The B-Movie Film Vault

Hobgoblin tested, Rick Sloane approved! Reveling in b-cinema since June 6, 2000!

Review: Planet of Dinosaurs (1977)

4 min read
Planet of Dinosaurs poster
Trapped On A Lost World of Prehistoric Monsters!

Rated PG / Color / 84 minutes
Directed by James K. Shea
Also Known As: Planet der Monster
Purchase it: (DVD)

Over the past few decades, I’ve made it my quest to track down and watch just about everything that I saw when I was young child, out of a mixture of curiosity and nostalgia. Surprisingly, I’ve found that I still really enjoy a good number of those films (e.g. THE MONSTER SQUAD, HARRY AND THE HENDERSONS, PEE-WEE’S BIG ADVENTURE, LITTLE MONSTERS, etc.), but that isn’t always the case.

Which brings me to 1977’s PLANET OF DINOSAURS. Initially, I had caught it on cable TV (on USA Network) and immediately fell in love with it. I was at a very special age, where I devoured any and all knowledge about sharks and dinosaurs: If it had scales or fins, and sent humans fleeing in terror, then it was right up my alley! On top of that, it was a post-STAR WARS world, and the idea of astronauts battling prehistoric monsters immediately won me over.

Decades later, I have finally revisited this cinematic blast from my past. My goal was to see if it still held up on its own merits, but also to see if it rekindled my childlike sense of wonder. Would I still get excited when the stop-motion dinosaurs raged across the screen? Would the film overall be as fun and awesome as I had recalled?

PLANET OF DINOSAURS begins with a small crew of castaways escaping their exploding spaceship, and crash-landing on a nearby Earth-like planet. Unsure if their distress signal was sent out in time, the survivors, led by their resolute Captain, Lee Norsythe (Louie Lawless), struggle for survival on the prehistoric planet. One by one, members of the crew perish at the teeth, claws, and horns of various dinosaurs.

planet of dinosaurs 02
This guy died because he wore white after Labor Day.

Their numbers continue to dwindle when they cross paths with the film’s main antagonist: The mighty T-Rex! After losing several more of their companions to the hungry Theropod, the final five band together and take the fight to their enemy. If they succeed, they will cement humanity as the dominant species on the planet. If they fail, then their future as dino-poop is a certainty.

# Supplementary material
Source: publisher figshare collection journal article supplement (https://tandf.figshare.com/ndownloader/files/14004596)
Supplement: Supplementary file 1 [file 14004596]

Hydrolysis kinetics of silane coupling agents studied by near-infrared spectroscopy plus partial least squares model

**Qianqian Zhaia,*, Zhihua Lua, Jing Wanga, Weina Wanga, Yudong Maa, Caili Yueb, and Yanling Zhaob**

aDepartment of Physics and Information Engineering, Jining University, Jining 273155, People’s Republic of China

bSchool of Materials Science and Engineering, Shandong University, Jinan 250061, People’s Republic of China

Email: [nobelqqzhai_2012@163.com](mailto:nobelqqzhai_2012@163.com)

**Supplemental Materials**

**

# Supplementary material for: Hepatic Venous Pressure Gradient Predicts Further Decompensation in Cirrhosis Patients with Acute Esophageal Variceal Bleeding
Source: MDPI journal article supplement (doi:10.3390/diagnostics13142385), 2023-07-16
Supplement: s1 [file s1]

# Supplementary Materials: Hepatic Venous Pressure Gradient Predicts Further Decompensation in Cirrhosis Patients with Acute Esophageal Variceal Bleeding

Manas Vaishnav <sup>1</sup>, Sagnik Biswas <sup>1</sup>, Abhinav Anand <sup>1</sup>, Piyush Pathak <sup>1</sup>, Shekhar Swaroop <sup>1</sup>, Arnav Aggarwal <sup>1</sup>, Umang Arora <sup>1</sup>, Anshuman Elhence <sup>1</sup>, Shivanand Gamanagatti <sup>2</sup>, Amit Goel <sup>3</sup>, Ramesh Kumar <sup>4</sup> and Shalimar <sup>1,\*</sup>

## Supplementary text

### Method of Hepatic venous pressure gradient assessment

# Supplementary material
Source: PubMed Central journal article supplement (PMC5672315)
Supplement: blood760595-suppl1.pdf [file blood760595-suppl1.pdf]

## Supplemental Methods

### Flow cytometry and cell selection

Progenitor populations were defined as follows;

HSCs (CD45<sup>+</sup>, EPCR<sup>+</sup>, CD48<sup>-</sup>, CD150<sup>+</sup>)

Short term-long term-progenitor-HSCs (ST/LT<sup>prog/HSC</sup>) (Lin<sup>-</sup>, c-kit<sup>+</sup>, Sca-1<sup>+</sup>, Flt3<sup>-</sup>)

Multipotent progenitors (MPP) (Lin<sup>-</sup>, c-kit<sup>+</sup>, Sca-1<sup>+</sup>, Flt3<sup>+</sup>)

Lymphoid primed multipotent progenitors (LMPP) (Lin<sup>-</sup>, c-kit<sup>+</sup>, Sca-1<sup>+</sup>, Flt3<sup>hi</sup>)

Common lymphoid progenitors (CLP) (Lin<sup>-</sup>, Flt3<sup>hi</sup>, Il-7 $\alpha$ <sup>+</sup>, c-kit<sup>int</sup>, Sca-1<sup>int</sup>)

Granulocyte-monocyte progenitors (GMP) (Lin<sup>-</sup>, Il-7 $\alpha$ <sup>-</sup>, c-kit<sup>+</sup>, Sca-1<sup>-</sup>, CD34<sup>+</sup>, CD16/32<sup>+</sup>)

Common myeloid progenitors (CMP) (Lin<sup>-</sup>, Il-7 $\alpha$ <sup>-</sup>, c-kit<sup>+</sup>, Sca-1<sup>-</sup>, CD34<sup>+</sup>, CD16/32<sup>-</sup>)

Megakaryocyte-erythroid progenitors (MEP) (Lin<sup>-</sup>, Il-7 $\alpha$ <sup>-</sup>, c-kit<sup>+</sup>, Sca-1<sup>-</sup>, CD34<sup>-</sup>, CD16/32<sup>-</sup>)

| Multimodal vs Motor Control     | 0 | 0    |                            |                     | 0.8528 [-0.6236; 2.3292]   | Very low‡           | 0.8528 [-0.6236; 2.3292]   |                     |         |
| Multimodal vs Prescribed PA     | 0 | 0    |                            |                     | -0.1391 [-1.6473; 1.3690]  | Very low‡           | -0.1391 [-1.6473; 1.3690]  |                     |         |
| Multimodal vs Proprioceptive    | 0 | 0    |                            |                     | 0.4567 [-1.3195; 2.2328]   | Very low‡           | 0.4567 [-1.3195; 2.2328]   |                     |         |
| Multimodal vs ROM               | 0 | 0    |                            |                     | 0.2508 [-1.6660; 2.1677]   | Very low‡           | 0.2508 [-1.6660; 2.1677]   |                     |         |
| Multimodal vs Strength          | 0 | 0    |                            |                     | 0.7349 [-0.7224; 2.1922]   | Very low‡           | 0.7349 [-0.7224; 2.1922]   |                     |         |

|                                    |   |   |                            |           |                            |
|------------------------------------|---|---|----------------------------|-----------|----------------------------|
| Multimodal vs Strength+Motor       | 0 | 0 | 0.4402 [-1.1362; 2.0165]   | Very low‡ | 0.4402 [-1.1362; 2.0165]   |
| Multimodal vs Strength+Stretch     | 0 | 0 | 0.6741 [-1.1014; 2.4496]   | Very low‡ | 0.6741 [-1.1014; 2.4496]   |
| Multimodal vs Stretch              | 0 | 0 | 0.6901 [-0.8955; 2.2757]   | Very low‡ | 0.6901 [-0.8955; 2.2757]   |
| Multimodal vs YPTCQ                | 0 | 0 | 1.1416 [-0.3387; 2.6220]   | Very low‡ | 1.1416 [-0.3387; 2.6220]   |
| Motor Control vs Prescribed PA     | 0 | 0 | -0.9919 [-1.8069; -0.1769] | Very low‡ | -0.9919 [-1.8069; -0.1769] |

PLANET OF DINOSAURS was made during a lull in the dinosaur movie craze, so I suppose the filmmakers tried to jazz it up by capitalizing on the success of FOX’s immensely popular PLANET OF THE APES films. (Hence this film’s title.) The movie’s plot is a sound one: Futuristic astronauts fighting to survive on a prehistoric world full of creatures that have long been extinct back on Earth. Space age technology vs. primeval monsters just sounds like a no-brainer! And yet, the filmmakers somehow screwed it up!

How could a film featuring laser-toting astronauts battling dinosaurs be so freakin’ boring?! Mainly because the human characters that are supposed to drive the story are irredeemably dull! They argue over survival strategies, march through swamps, argue again, see dinosaurs off in the distance, argue some more, climb rocky terrain, see some dinosaurs, wash, rinse, repeat. There’s no attempts at character-building, and you really don’t give a damn about any of the shipwrecked crew at all.

planet of dinosaurs 01
Except for her. I cared SO much about her.

The only character in the film that I actually liked was Jim (played by James Whitmore, a.k.a. Jupiter from THE HILLS HAVE EYES!), the bearded, tough, and gruff member of the group. He’s a no-nonsense guy, that says they should make weapons, and use their smarts to dominate this new world. However, Lee, the high-ranking officer, says that they should lay low, find a safe spot, and wait to be rescued, even though it’s painfully obvious that a distress signal was most likely never sent.

Ultimately, Lee’s defensive strategy proves disastrous, so Jim rallies everyone to take on the film’s big bad Tyrannosaurus Rex. This is when this slow-moving sci-fi tale finally begins to shine a bit. The stop-motion animation that brings the dinosaurs to life is fairly well done, courtesy of unsung effects wizard Doug Beswick. (A man that has worked on numerous genre films that I love, including TICKS, EVIL DEAD II, BEETLEJUICE, ALIENS, THE TERMINATOR, and several others!)

Doug’s effects really raise the bar for this low-budget production, and keeps this movie from becoming a total trainwreck. And thankfully, the producers for the film pumped the bulk of their money into making sure that PLANET OF DINOSAURS actually had plenty of dinosaurs! We get a Tyrannosaurus Rex, a Stegosaurus, a Brontosaurus, a Centrosaurus, Ray Harryhausen’s Rhedosaurus, a small Allosaurus, a Polacanthus, and even a large spider that menaces one of the female space travelers.

Ray Harryhausen? Never heard of 'im!
“Ray Harryhausen? Never heard of ‘im!”

So, does PLANET OF DINOSAURS still live up to the lofty expectations of my inner child? Sadly no. After a whopping five attempts at watching the movie, I finally soldiered through it without falling asleep. But once I managed to slog through the first half of this insipid movie, the rest was a cakewalk. Despite its shortcomings, this movie does have its own sort of charm which, coupled with its award-winning effects and catchy synth-soundtrack (composed by Kelly Lammers and John O’Verlin), makes it relatively watchable. While I thoroughly enjoyed PLANET OF DINOSAURS’ moments of dino-mayhem, it sadly wasn’t enough to rescue this former childhood favorite from a rating of: